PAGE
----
These fisheries mangers continue to manage our fisheries as if we still have sufficient euphausiid resources to feed our current juvenal king salmon. Because these mangers do not understand the needs of our juvenal kings, these mangers then claim that the resulting lack of returning adult kings salmon is a "natural" Lack Of King Salmon Abundance. This is not a lack of king salmon abundance, it is a lack of greater than 17 mm crab larva, which is the result of ADF&G fisheries mis-management. If we just assume that these juvenal kings somehow find enough (>17 mm) crab larva to survive on to adulthood, then you must consider their chances of finding enough herring or capelin to survive on as adults. Unfortunately these smaller fish also feed exclusively on the same (>17 mm) T. spinifera, euphausiids and because we now have 1% of what we used to have in euphausiids, these small fish are also now faced with the same dramatic lack of feed like the juvenal king salmon. This dramatic lack of adequately sized euphausiids for juvenal kings, herring and capelin then demands closer examination. That examination needs to focus on (the ocean production of plankton, euphausiids, herring and capelin).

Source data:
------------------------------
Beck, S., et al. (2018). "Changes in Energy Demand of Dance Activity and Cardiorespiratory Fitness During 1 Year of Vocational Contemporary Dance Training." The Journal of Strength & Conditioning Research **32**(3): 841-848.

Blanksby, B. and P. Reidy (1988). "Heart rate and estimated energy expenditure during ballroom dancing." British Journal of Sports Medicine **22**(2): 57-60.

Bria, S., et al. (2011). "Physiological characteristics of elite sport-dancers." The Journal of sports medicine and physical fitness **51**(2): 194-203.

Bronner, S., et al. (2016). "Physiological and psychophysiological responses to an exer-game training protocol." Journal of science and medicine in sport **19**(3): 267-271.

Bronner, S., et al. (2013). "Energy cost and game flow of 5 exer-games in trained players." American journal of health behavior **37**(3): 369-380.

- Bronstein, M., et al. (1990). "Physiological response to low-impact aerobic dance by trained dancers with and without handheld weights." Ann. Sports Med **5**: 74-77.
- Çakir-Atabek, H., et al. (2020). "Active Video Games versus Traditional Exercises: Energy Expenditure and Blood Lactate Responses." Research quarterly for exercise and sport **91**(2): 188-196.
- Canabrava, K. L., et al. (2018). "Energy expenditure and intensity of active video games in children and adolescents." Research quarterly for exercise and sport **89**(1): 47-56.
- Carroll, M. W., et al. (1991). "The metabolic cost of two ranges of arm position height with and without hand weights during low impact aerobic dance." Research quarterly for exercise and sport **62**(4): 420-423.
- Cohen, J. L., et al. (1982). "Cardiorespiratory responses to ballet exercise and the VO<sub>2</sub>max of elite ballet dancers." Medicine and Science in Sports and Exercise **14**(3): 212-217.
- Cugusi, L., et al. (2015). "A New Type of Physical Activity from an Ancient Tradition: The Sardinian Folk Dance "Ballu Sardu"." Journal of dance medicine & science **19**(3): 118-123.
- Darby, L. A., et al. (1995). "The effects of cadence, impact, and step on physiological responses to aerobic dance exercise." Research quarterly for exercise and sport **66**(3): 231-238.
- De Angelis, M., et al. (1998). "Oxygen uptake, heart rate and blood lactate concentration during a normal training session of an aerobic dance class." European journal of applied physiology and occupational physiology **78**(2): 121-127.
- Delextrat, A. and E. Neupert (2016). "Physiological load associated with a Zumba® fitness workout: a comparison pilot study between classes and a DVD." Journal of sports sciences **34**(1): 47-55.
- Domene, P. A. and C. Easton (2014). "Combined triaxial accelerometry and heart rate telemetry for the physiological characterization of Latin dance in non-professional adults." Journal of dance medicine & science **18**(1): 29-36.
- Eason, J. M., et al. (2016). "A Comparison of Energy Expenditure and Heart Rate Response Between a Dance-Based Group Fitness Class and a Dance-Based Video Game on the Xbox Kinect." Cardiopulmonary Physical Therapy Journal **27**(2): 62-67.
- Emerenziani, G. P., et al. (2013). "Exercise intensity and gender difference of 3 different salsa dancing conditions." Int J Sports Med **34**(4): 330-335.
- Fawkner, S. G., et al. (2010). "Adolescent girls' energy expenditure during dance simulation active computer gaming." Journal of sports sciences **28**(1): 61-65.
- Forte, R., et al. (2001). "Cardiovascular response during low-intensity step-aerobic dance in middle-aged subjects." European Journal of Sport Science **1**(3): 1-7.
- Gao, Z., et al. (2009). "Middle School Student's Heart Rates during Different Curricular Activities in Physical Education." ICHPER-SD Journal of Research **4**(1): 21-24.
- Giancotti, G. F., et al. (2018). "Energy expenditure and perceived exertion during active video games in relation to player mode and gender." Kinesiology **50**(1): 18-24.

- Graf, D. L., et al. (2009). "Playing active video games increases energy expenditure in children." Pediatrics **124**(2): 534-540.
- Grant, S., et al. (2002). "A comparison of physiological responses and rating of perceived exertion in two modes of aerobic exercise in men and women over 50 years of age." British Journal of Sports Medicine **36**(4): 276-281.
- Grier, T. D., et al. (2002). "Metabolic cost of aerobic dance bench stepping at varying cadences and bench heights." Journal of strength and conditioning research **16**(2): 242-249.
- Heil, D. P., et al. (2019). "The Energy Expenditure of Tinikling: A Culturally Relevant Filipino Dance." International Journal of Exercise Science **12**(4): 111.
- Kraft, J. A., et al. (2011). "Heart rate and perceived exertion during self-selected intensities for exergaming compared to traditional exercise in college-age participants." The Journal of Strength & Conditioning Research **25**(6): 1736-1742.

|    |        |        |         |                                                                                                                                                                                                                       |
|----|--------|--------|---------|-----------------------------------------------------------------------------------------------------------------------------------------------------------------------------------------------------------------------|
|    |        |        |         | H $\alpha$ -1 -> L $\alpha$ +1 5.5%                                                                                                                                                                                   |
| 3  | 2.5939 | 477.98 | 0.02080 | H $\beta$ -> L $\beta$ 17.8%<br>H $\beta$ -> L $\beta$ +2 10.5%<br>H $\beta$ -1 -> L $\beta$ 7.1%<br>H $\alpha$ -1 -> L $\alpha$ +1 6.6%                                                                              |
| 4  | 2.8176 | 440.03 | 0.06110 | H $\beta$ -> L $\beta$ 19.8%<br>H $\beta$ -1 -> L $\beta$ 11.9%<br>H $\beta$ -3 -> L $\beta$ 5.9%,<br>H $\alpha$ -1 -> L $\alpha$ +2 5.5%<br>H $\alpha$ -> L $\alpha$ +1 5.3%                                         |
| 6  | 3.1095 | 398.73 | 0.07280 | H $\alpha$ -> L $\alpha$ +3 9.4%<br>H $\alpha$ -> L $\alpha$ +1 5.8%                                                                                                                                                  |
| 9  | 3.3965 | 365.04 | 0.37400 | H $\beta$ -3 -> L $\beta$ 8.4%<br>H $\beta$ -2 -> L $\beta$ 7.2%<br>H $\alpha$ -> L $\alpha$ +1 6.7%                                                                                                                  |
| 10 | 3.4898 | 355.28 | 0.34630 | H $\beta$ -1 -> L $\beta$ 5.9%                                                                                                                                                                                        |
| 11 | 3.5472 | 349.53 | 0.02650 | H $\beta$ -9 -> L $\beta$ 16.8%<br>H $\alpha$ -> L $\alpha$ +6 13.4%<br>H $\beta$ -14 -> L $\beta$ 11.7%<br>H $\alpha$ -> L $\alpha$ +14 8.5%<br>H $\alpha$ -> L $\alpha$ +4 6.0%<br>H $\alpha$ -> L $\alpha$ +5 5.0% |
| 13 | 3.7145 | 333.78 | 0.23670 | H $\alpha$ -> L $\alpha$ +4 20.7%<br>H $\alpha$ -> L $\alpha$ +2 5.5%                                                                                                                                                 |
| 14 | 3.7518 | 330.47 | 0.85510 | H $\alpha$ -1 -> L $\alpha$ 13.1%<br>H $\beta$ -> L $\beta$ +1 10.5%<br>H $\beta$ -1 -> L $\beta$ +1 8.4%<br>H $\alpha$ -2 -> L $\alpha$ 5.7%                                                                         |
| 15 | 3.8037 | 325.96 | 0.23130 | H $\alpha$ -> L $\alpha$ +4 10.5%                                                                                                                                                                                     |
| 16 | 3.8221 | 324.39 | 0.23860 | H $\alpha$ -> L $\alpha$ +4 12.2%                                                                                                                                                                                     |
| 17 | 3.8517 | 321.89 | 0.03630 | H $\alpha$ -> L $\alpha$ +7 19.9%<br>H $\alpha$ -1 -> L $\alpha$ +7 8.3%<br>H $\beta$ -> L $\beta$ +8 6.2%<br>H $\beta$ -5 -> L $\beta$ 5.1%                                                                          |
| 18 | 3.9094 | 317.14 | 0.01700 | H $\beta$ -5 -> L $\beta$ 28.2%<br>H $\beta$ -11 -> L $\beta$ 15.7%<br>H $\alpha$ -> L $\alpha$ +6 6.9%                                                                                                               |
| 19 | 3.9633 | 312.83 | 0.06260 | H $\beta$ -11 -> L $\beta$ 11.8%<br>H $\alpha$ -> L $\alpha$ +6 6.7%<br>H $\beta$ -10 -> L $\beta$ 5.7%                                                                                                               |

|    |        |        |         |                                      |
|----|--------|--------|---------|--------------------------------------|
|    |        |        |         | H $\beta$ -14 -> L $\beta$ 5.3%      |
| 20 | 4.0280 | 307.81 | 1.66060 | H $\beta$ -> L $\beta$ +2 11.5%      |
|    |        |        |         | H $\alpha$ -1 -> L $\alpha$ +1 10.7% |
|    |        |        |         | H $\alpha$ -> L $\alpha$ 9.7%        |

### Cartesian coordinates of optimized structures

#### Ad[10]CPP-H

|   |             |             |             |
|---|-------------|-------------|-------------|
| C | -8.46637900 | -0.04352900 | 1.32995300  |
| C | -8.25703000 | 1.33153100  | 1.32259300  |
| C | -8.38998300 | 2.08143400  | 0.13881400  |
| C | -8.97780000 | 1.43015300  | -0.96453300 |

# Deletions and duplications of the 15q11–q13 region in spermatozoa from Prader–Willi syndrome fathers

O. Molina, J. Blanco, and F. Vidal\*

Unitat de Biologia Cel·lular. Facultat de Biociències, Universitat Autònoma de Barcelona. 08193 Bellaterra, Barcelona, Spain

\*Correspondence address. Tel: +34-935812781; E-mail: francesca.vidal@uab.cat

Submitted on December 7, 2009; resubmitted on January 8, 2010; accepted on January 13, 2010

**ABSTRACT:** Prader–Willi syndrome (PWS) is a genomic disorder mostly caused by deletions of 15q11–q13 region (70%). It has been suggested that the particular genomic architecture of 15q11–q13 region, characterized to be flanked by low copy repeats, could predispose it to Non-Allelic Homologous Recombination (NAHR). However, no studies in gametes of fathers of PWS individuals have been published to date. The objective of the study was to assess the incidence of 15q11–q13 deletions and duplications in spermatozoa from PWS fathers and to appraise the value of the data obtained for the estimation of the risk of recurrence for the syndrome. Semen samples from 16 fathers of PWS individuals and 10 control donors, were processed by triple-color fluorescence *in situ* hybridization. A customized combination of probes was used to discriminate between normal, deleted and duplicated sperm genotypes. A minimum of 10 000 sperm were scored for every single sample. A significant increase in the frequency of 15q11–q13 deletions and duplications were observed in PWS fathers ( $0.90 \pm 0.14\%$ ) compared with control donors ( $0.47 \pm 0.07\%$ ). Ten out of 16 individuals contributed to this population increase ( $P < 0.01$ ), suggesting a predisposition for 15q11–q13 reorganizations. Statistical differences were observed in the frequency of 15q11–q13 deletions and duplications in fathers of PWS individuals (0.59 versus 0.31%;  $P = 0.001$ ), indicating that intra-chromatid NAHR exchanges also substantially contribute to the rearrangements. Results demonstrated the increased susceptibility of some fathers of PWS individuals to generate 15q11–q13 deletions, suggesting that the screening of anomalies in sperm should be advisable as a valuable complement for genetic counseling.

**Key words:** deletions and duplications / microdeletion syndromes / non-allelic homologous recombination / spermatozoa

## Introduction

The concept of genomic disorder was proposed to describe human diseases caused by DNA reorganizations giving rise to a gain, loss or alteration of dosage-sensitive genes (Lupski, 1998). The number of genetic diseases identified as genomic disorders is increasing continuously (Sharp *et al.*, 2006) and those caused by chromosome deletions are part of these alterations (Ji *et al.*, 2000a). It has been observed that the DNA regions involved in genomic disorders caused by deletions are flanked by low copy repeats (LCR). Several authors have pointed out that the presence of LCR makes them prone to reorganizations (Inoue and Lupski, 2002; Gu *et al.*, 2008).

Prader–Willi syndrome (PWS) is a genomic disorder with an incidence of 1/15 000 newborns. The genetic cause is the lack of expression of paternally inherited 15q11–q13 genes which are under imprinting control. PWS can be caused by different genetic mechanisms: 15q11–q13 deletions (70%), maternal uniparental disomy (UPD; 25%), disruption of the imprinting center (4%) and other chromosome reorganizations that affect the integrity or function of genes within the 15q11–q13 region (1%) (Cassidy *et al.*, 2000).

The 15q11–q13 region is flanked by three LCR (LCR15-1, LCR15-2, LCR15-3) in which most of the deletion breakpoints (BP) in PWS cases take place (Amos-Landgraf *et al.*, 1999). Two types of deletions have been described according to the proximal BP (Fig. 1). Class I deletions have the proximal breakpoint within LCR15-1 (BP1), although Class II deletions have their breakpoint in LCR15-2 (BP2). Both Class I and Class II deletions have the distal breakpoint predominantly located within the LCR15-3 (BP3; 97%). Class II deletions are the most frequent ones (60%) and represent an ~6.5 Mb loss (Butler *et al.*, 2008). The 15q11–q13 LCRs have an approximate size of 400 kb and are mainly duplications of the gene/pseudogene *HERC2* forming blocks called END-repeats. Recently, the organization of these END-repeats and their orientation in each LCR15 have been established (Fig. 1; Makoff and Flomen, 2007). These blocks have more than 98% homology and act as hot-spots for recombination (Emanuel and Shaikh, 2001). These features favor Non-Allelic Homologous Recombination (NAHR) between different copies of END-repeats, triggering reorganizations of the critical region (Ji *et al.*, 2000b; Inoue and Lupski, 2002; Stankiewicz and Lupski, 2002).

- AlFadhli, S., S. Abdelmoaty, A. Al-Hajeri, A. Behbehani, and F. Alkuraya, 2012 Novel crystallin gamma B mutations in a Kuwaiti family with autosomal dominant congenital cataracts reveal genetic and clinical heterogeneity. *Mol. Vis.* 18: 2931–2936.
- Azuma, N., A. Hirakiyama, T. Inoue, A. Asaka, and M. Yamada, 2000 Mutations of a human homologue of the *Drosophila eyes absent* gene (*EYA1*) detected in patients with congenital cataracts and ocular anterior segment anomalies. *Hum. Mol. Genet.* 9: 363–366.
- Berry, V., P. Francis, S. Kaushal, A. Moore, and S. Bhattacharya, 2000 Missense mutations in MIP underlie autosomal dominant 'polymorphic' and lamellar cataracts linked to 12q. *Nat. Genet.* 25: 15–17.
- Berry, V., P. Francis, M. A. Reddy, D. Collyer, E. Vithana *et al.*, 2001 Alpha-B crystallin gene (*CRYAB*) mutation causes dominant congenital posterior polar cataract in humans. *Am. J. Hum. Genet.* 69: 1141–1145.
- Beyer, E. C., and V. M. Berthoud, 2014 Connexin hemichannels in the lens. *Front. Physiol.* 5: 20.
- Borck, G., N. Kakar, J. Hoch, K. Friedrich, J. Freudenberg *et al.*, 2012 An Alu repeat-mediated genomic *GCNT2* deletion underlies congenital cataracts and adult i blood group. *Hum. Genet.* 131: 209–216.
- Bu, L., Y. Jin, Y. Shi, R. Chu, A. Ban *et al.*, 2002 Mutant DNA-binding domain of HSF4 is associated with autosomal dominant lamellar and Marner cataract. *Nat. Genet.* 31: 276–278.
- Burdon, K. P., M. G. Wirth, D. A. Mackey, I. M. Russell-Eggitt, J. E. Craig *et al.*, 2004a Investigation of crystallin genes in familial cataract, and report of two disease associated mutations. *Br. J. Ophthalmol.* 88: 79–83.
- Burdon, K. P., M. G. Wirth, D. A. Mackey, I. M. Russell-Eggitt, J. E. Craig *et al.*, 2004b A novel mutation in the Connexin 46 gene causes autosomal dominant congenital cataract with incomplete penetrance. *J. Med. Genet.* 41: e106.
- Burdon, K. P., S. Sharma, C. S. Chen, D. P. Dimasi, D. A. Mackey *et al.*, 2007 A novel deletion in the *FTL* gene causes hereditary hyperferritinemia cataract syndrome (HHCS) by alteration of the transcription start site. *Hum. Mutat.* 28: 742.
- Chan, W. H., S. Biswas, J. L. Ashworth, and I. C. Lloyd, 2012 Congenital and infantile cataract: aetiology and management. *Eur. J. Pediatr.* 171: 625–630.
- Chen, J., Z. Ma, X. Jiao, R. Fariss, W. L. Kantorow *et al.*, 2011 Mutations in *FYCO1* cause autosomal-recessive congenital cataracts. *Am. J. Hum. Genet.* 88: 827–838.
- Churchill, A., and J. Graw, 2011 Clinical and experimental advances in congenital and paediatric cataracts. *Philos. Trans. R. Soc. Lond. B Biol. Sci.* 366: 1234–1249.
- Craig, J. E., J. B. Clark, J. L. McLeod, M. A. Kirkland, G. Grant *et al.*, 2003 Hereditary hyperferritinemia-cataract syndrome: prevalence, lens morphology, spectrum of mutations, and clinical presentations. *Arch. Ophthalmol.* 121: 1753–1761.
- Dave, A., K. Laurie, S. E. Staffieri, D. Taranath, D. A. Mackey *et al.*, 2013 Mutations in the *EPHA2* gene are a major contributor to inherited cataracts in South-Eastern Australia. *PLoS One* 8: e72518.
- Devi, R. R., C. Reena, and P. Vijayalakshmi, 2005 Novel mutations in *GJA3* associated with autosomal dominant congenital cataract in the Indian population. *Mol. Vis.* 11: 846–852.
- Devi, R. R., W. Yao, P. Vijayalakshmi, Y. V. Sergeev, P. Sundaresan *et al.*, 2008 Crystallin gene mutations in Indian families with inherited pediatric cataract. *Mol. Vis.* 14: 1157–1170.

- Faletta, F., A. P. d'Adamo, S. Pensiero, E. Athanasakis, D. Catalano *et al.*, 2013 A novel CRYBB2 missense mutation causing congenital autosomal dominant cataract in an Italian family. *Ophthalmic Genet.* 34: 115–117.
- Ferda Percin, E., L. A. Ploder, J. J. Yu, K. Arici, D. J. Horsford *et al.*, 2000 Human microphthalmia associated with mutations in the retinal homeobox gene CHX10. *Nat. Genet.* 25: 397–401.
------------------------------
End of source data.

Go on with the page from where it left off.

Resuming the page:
NOAA Technical Memorandum NMFS F/NWC-91, Salmon Stomach Contents, From the Alaska Troll Logbook Program 1977-84, By Bruce L. Wing , October 1985. Type, Quantity, And Size Of Food Of Pacific Salmon (Oncorhynchus) In The Strait Of Juan De Fuca, British Columbia, Terry D. Beachami.

Plankton, Phytoplankton and Zooplankton like Crab Larvae

Our North Pacific marine food chain begins with (plankton). These plankton drift with ocean currents because most of them cannot swim. The name plankton comes from the Latin term for (wanderer). Phytoplankton are single celled organisms which absorb energy from the sun and diatoms from the water as they retain carbon so it can be used as fuel to survive. That carbon then plays a fundamental part within the (carbon cycle) as it and the (oxygen cycle) work together to produce about half of the oxygen we breath everyday. This oxygen results from photosynthesis actions between ocean nutrients like nitrogen and phosphorus. These plankton live within this cycle expelling oxygen, absorbing carbon, dying and then sinking to the bottom of our oceans. This results in a planet-wide cycle which removes millions of tons of carbon from the atmosphere and replaces it with oxygen. This is an (Anti Global Warming) cycle. That is not all plankton do before they die; they also make up the foundation of our ocean marine food chain. Phytoplankton are then eaten by the more complex zooplankton animals which are marine life like crab larva. At night, zooplankton like crab larva sneak up to the surface and snack on phytoplankton in relative safely. Once these crabs become adults they will go on to basically feed just about everything in our ocean with their resulting crab larva. These zooplankton crab larva then becomes the focus of this investigation as they live and feed within the phytoplankton.